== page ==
Jerusalem & The Embassy
May 14 2018
1319 18th Street NW
Washington, DC 20036
Washington, DC 20036
Please join the Foundation for Middle East Peace & the New Israel Fund for
Foundation for Middle East Peace
Ir Amim (City of Peoples/City of Nations)
Michele Dunne (participating moderator)
Carnegie Endowment for International Peace
Coffee will be served.
With pomp and circumstance, and coinciding with the Palestinians’ commemoration of Nakba Day and the start of Ramadan, on May 14th the United States will be opening its Embassy in Jerusalem — a city holy to Jews, Muslims, and Christians worldwide, and a focal point of the national identity and aspirations of both Israelis and Palestinians. Fulfilling a much-touted campaign promise of President Trump, U.S. officials explained the decision to move the Embassy as nothing more than a recognition of reality. But the reality in Jerusalem – and of its beleaguered Palestinian neighborhoods and ascendant settlers – is more complex. The panel will discuss the current concerns and future scenarios for Jerusalem and its residents against the backdrop of the embassy move and of the broader political realities in the U.S. and in Israel.
Lara Friedman is the President of the Foundation for Middle East Peace. Prior to coming to FMEP, Lara was the Director of Policy and Government Relations at Americans for Peace Now, and before that she was a U.S. Foreign Service Officer, serving in Jerusalem, Washington, Tunis and Beirut. Lara is a leading authority on U.S. foreign policy in the Middle East, with particular focus on the Israeli-Arab conflict, settlements and Jerusalem, and on the role of the U.S. Congress. She frequently briefs Members of Congress, Administration officials, and others in the foreign policy/national security community, and is regularly published in the U.S. and Israeli press. Lara works closely with Jerusalem expert Danny Seidemann and his NGO “Terrestrial Jerusalem,” participates in various Track II Israeli-Palestinian efforts, and is a non-resident fellow at the U.S./Middle East Project (USMEP). She holds a B.A. from the University of Arizona and a Master’s degree from Georgetown’s School of Foreign Service, and speaks French, Spanish, Arabic and (rather poor) Italian.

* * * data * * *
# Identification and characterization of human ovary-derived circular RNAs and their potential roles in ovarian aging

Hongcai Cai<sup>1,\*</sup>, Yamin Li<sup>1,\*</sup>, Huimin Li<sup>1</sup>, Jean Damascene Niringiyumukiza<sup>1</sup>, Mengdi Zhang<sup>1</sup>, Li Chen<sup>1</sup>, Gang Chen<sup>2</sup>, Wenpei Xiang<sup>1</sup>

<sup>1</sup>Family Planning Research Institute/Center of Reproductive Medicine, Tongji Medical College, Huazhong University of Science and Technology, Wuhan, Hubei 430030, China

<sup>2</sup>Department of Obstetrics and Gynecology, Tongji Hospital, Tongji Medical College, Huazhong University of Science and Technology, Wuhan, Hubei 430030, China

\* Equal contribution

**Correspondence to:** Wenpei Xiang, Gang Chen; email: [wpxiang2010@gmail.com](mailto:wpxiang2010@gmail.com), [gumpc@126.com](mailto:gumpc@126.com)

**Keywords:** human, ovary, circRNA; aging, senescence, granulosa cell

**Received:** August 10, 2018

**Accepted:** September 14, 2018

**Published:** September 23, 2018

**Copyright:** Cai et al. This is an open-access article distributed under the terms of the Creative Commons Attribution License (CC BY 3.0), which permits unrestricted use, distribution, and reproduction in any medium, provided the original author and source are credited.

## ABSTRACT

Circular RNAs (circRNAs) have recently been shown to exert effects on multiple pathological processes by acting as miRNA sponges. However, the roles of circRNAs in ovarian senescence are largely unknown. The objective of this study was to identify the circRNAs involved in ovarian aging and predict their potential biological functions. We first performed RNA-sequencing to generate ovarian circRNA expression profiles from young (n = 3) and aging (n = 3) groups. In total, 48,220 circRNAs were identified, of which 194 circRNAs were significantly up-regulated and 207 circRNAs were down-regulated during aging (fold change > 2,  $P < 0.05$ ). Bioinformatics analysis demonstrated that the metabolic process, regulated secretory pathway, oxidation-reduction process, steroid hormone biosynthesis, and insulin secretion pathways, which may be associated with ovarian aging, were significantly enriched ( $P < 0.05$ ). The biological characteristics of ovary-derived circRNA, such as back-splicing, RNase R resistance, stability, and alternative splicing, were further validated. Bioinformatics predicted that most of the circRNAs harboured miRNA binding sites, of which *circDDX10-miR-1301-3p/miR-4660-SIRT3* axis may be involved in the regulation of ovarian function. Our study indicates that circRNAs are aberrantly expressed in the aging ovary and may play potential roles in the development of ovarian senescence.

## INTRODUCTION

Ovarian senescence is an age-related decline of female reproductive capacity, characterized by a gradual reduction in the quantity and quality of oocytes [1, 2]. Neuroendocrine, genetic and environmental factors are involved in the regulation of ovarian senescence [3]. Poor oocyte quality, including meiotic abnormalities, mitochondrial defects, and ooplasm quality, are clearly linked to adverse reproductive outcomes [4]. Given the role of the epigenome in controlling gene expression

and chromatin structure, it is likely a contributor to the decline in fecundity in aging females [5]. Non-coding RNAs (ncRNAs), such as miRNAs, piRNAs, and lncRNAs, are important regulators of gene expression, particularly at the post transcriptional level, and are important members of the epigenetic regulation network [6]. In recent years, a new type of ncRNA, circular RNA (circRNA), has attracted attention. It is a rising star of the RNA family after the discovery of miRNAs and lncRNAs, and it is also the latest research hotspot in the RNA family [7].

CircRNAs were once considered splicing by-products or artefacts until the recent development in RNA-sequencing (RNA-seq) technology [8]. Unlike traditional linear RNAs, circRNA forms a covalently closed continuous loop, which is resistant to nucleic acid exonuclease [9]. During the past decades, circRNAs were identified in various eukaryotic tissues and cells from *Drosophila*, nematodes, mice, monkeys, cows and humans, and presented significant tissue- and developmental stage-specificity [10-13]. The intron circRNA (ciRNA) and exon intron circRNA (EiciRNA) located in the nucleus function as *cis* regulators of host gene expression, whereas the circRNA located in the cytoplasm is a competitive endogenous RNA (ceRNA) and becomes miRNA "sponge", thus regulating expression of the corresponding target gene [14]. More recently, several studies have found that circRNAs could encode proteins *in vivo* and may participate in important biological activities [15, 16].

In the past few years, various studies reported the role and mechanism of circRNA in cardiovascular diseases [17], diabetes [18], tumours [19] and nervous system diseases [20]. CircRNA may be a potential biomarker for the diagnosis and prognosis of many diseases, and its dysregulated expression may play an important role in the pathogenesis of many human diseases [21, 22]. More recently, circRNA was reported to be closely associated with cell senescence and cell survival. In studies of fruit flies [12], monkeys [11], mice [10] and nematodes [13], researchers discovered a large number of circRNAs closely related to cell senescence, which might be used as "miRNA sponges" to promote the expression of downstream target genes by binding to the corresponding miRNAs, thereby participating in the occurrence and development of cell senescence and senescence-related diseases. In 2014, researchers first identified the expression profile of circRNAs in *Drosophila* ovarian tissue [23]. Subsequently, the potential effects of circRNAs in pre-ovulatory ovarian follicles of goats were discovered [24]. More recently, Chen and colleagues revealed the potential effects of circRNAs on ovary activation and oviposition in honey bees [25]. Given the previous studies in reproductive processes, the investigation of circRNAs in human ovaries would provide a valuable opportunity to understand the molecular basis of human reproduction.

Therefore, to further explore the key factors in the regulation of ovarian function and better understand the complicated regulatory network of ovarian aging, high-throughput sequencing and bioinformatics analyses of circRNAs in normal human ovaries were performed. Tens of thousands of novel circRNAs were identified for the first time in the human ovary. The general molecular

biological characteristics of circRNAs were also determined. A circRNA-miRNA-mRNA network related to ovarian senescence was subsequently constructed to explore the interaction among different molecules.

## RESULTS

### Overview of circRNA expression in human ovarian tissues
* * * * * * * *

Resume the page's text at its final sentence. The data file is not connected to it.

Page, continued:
Betty Herschman is the Director of International Relations & Advocacy at Ir Amim (City of Peoples/City of Nations) in Jerusalem, serving as the organization’s point person for international policy makers, politicians, journalists, think tanks, and Jewish communal organizations outside of Israel. She is Ir Amim’s key liaison to the local diplomatic community in Jerusalem and Tel Aviv; conducts policy advocacy in the US and Europe; and serves as spokesperson to the foreign press. Prior to her role at Ir Amim, Betty directed external relations and development functions for US based non-profit organizations devoted to the elimination of homelessness, domestic violence, and disparities in access to health care. She holds a master’s degree in public administration from Harvard’s Kennedy School of Government and a master’s degree in education from Boston University. Betty has been published in Haaretz, JPost, The Times of Israel, +972 Magazine and Sada, an online journal of the Carnegie Endowment for International Peace.
Michele Dunne is the director and a senior fellow in Carnegie’s Middle East Program, where her research focuses on political and economic change in Arab countries, particularly Egypt, as well as U.S. policy in the Middle East. She was the founding director of the Rafik Hariri Center for the Middle East at the Atlantic Council from 2011 to 2013 and was a senior associate and editor of the Arab Reform Bulletin at the Carnegie Endowment for International Peace from 2006 to 2011. Dunne was a Middle East specialist at the U.S. Department of State from 1986 to 2003, where she served in assignments that included the National Security Council, the Secretary’s Policy Planning Staff, the U.S. embassy in Cairo, the U.S. consulate general in Jerusalem, and the Bureau of Intelligence and Research. She also served as a visiting professor of Arabic language and Arab studies at Georgetown from 2003 to 2006.